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Jess battles back from serious illness to complete her Masters at Queen's University Belfast

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Jess Fitzsimmons, who graduated from Queen’s University with a Masters in Creative Arts with commendation

Jess Fitzsimmons, who graduated from Queen’s University with a Masters in Creative Arts with commendation

Former Ireland rugby star Brian O’Driscoll receives an honorary doctorate

Former Ireland rugby star Brian O’Driscoll receives an honorary doctorate

Frances Burn and son Caleb (6)

Frances Burn and son Caleb (6)

Stephanie Hardie, who graduated with a BSc in Midwifery Sciences

Stephanie Hardie, who graduated with a BSc in Midwifery Sciences

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Jess Fitzsimmons, who graduated from Queen’s University with a Masters in Creative Arts with commendation

It's the day that Jess Fitzsimmons and her parents thought she might not see.

The young Belfast woman has battled through a severe heart condition and graduates today with a Masters degree at Queen's University - despite having to drop out of her course last year.

She, along with Irish rugby legend Brian O'Driscoll, are among the several hundred students who are graduating this week in the university's winter graduations.

O'Driscoll, or BOD as he was known in his rugby career which saw him capped 133 times for his country, received an honorary degree for his contribution to the sport.

Ireland's record try scorer, who has swapped playing for TV punditry since his retirement last season, said: "I am delighted to be receiving an honorary degree from Queen's University, Belfast.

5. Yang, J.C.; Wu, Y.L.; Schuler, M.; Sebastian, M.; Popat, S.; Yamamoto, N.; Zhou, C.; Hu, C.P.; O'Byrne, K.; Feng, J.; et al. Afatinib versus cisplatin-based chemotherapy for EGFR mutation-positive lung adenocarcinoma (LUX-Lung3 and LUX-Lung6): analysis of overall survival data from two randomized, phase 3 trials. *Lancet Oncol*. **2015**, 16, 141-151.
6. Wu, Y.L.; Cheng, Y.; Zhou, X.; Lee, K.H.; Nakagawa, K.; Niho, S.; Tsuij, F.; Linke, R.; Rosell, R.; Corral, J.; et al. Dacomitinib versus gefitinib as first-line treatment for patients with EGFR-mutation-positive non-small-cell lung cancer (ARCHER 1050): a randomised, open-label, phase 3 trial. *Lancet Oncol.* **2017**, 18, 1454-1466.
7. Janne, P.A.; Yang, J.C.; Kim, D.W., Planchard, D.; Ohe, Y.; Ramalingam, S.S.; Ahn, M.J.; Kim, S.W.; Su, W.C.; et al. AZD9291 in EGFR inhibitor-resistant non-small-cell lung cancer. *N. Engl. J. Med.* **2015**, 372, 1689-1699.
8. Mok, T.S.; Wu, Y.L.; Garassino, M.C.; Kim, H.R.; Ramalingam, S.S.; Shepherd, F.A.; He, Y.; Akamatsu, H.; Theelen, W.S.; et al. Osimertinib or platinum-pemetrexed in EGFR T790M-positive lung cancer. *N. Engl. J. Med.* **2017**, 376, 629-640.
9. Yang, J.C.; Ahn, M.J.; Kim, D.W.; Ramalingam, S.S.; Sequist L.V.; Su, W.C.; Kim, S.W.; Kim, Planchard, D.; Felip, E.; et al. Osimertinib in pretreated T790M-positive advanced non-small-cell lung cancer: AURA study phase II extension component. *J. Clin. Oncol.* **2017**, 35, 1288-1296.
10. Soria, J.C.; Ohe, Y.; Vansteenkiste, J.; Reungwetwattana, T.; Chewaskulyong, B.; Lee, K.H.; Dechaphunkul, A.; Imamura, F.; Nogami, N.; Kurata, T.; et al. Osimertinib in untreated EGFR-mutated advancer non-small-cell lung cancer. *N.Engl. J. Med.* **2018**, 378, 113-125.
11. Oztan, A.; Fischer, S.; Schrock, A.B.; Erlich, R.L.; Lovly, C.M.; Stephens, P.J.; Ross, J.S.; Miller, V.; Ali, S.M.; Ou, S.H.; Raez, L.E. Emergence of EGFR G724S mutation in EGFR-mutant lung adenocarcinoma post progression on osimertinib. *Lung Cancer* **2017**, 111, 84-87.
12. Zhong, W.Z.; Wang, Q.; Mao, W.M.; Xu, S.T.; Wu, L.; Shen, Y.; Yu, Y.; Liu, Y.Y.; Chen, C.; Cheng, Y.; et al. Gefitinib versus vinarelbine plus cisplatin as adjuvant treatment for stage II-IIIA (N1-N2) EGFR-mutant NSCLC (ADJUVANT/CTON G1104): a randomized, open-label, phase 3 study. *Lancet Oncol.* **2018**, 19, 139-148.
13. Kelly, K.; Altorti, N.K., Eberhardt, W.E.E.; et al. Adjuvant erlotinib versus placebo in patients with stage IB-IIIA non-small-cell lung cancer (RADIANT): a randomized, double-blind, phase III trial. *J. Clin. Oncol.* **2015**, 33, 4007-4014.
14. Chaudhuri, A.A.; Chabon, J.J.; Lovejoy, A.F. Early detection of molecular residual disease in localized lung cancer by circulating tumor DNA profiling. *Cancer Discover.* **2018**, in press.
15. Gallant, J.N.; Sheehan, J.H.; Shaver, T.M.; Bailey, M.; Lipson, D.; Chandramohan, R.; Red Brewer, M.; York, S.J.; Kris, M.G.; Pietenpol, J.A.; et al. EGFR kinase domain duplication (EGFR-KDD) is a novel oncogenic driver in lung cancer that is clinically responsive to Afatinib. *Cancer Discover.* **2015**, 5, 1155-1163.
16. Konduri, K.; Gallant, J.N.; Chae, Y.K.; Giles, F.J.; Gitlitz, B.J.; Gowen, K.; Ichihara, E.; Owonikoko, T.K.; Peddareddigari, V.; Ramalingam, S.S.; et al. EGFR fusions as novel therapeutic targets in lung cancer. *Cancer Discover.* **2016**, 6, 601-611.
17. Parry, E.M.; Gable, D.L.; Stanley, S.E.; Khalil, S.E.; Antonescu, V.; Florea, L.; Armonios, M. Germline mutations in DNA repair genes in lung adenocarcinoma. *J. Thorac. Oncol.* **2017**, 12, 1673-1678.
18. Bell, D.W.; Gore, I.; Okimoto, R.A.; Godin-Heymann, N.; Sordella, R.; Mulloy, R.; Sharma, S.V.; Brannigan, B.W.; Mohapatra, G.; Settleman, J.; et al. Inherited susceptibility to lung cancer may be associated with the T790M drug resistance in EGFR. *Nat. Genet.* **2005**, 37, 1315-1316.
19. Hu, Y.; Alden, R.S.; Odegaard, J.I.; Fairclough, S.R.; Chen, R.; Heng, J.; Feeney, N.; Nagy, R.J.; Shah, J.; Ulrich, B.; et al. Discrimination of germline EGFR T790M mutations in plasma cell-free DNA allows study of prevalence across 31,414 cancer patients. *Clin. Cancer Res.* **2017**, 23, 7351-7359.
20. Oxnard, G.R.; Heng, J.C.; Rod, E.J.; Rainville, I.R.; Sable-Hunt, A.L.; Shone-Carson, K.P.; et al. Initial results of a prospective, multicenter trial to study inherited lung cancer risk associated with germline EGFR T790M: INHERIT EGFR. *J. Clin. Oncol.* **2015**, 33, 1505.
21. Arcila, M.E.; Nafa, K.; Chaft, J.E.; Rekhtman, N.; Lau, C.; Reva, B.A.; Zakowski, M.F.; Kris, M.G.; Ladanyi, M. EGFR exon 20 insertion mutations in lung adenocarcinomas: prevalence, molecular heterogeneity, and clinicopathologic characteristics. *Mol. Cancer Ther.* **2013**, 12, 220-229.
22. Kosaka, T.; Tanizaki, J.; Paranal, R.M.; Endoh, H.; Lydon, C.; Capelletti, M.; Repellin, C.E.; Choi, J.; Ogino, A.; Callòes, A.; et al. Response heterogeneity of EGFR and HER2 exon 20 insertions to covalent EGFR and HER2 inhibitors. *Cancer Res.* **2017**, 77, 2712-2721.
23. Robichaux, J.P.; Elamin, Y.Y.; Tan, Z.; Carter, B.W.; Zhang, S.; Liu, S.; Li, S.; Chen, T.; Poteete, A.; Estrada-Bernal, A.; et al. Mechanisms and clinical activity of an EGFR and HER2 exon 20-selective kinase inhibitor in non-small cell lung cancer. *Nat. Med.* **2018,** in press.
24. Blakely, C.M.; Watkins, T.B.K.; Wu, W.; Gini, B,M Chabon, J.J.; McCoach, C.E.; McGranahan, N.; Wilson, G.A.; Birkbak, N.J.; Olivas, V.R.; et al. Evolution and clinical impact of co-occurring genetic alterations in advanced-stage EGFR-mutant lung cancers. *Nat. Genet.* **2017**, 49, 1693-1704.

"To receive this recognition from such a prestigious university is a considerable honour."

Jess was struck down by constrictive pericarditis of the heart in March 2013 and was hospitalised for more than two months during her Masters degree course in Creative Arts.

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It was an illness that threatened to limit the 24-year-old's life and end her career aspirations, but she refused to let the condition destroy her dreams.

Not only did the east Belfast woman succeed in completing her Masters, she gained a commendation for her efforts.

Jess told the Belfast Telegraph last night: "I had been having a lot of chest pain and I was going to the doctors off and on and no one could really say what was wrong with me.

"But then one day it got so bad that I became very unwell and lost consciousness.

"I was then hospitalised for a couple of months. The absolutely worst thing for me to have done was to withdraw from my Masters. It was awful.

"I had already completed the first term and Queen's then told me that I could come back this February and take up where I left off."

She added: "This is all a bit surreal to me, as this time last year I had still not started back to university.

"I can't really believe that it's over, it's past and I've done it.

"Now I can relax a bit and I'm happy with the outcome."

Her father, Sam Fitzsimmons, said that he and his wife Irene will be delighted to see their daughter graduate.

"We will be very proud parents tomorrow as Jess has not allowed her illness - which she is still receiving treatment for - to define her as a person.

"We are amazed at how she has tackled this incredibly personal challenge and she has inspired us as her parents."

Although Jess is still receiving medical treatment, she now feels more confident about her future career and has secured a paid internship with the Northern Ireland Health and Social Care Board in Belfast.

She said: "Hopefully I will be able to get off the medication over the next two years, as being on the medication would be harmful to me over the long-term."


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